Update: In a quite shockingly fast reaction, WSJ reports that a U.S. regulator is looking into whether prices linked to the widely watched Cboe Volatility Index have been manipulated, according to people with knowledge of the matter.
The Financial Industry Regulatory Authority is scrutinizing whether traders placed bets on S&P 500 options in order to influence prices for VIX futures, the people said.
Proving manipulation is difficult, lawyers and academics say. The regulator must prove that a person or firm had the ability to move prices and did so intentionally. In addition, the regulator must show that the person intended to create artificial prices, said Craig Pirrong, a professor of finance at The University of Houston who has written about futures manipulation.
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As we detailed earlier, we first exposed the "conspiracy fact" that VIX manipulation runs the entire market back in 2015 as the ubiquitous VIX-crushing algo-runs coincided with a non-stop shorting of VIX futures by a seemingly bottomless-pocketed player in the market... which happened to coincide with the arrival of Simon Potter as the head of The New York Fed's trading desk...
Probably just a coincidence, right?
Then, in May of last year we academic confirmation of the rigged nature the US equity market's volatility complex, when a scientific study found "systemic VIX auction settlement manipulation."
Two University of Texas at Austin finance professors found "large transient deviations in VIX prices" around the morning auction, "consistent with market manipulation."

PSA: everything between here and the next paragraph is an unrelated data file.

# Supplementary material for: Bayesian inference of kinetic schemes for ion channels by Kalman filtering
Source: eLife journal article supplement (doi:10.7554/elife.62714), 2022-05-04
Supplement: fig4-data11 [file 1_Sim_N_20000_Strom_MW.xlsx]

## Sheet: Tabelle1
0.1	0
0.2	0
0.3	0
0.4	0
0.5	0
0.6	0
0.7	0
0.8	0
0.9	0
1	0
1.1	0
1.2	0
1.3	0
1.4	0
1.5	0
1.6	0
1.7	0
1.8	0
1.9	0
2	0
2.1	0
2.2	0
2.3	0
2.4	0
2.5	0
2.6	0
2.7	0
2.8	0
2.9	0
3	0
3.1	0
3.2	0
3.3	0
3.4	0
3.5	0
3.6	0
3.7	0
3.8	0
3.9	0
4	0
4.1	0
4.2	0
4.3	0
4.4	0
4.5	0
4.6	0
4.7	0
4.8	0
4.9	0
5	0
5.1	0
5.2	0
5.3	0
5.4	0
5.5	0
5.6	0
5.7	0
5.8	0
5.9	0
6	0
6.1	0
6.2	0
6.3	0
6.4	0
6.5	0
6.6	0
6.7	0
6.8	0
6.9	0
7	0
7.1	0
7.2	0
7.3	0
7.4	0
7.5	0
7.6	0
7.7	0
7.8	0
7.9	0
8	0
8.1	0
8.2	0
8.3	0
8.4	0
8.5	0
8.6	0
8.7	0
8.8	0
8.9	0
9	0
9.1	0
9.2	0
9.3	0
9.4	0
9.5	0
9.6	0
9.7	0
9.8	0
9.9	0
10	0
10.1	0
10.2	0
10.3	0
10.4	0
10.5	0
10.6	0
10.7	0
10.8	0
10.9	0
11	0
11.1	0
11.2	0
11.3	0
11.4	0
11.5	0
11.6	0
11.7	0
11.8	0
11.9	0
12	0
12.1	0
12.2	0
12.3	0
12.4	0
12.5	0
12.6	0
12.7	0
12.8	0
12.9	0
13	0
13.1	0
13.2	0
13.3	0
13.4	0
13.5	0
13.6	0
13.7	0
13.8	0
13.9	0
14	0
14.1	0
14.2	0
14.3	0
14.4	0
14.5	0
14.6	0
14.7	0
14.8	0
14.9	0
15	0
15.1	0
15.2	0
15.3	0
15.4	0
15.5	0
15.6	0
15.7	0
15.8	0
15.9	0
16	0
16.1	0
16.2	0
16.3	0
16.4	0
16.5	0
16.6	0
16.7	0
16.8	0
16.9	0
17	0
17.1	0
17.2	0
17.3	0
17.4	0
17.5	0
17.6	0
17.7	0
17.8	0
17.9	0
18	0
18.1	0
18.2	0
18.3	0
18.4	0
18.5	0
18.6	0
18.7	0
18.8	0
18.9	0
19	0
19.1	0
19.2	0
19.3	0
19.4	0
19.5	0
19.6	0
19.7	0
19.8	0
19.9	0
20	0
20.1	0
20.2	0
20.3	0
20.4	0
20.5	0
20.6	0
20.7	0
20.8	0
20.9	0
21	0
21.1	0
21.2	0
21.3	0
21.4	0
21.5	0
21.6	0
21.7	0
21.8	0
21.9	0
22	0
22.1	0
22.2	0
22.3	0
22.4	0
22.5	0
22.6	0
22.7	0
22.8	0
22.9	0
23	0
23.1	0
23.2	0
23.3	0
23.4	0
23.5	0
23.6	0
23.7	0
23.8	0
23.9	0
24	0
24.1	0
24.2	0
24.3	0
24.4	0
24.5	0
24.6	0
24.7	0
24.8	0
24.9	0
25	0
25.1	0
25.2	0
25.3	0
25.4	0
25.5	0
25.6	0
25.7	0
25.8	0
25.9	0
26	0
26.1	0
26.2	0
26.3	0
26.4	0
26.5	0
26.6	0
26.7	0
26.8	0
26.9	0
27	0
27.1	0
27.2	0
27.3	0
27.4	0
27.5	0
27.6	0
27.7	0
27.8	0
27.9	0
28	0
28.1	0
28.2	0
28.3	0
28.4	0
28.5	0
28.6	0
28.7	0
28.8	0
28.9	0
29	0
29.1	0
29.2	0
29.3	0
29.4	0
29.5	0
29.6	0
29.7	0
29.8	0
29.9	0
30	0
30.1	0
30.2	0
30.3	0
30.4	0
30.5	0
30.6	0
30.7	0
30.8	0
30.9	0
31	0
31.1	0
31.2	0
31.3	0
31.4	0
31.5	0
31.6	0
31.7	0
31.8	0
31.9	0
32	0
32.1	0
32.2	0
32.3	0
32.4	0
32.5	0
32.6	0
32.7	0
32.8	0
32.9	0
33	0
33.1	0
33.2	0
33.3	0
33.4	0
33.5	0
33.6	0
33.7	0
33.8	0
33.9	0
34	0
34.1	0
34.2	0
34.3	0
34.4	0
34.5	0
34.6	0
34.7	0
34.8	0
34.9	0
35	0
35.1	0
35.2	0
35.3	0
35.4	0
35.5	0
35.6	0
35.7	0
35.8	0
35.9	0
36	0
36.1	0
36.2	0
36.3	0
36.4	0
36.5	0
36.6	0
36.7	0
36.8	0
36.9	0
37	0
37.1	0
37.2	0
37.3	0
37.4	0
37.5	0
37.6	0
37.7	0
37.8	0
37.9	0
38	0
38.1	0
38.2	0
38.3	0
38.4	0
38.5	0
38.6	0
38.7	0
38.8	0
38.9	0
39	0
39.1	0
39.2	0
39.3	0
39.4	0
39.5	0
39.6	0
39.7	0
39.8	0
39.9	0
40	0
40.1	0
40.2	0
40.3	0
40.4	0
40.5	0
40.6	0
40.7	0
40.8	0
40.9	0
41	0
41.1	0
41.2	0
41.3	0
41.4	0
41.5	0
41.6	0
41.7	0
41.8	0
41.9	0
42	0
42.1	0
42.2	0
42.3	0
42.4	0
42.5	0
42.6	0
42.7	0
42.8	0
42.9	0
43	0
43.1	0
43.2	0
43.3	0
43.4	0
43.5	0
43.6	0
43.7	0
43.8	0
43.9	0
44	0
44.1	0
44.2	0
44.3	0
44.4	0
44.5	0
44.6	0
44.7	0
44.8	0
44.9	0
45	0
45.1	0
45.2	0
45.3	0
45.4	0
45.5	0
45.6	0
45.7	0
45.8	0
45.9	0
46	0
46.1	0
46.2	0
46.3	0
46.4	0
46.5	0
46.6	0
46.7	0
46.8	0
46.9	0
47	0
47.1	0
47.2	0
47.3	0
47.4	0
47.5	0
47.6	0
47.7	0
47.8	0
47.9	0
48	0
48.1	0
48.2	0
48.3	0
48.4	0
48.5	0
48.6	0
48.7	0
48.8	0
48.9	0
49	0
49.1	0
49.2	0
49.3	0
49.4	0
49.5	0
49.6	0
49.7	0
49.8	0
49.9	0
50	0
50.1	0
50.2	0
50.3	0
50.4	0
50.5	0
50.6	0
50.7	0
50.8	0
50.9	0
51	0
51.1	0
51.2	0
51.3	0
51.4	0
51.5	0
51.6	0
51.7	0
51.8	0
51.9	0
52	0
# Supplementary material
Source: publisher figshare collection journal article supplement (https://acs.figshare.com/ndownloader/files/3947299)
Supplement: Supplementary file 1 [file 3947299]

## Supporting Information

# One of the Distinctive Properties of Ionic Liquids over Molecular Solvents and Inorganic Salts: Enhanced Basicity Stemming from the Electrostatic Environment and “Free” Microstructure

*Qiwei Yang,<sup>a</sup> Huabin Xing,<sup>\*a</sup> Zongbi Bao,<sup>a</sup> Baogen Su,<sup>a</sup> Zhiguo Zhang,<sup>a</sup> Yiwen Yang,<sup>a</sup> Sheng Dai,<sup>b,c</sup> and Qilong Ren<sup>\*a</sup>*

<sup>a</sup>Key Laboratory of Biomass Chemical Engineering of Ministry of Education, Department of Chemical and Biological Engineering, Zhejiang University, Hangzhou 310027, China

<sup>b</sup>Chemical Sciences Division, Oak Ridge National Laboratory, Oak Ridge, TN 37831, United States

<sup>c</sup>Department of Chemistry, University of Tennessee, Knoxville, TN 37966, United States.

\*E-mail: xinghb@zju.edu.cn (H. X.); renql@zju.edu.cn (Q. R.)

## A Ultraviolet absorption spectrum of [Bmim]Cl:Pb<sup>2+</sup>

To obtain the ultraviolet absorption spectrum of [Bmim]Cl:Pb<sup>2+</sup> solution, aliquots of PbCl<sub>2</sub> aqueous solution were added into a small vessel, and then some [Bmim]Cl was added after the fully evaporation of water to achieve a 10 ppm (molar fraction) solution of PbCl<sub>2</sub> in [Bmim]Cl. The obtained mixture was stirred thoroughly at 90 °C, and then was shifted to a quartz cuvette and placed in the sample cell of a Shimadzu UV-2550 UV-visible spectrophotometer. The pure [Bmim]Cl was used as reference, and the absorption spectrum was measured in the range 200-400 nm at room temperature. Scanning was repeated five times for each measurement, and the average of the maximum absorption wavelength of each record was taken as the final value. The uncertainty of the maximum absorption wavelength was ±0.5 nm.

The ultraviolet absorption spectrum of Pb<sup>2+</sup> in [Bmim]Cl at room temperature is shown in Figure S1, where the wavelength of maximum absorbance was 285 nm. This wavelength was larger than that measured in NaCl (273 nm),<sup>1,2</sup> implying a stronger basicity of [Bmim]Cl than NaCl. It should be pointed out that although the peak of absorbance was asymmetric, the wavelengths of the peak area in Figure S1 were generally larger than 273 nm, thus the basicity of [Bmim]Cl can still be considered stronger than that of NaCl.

Griffin and Shams calculate that "the size of VIX futures with open interest at settlement is on average 5.7 times the size SPX options traded at settlement, and it is 7.3 times for VIX options that are in-the-money at settlement."
So if you are a trader who owns a lot of the market in VIX futures, you could push around a large dollar value of futures by trading a small dollar value in options. This is particularly true because the S&P option volume is divided among many strikes, and the illiquid deep out-of-the-money S&P 500 options have a big influence on the VIX: You can move the price of those options a lot with relatively small trades, and those price changes have a disproportionate effect on the VIX.
While this was immediately played down by CBOE, and the subject quickly disappeared from the headlines - because VIX was dropping incessantly and stocks were going up, up, up - until VIX flash-crashed rather awkwardly into the morning auction settlement in mid-December, bring the chatter of manipulation back to life...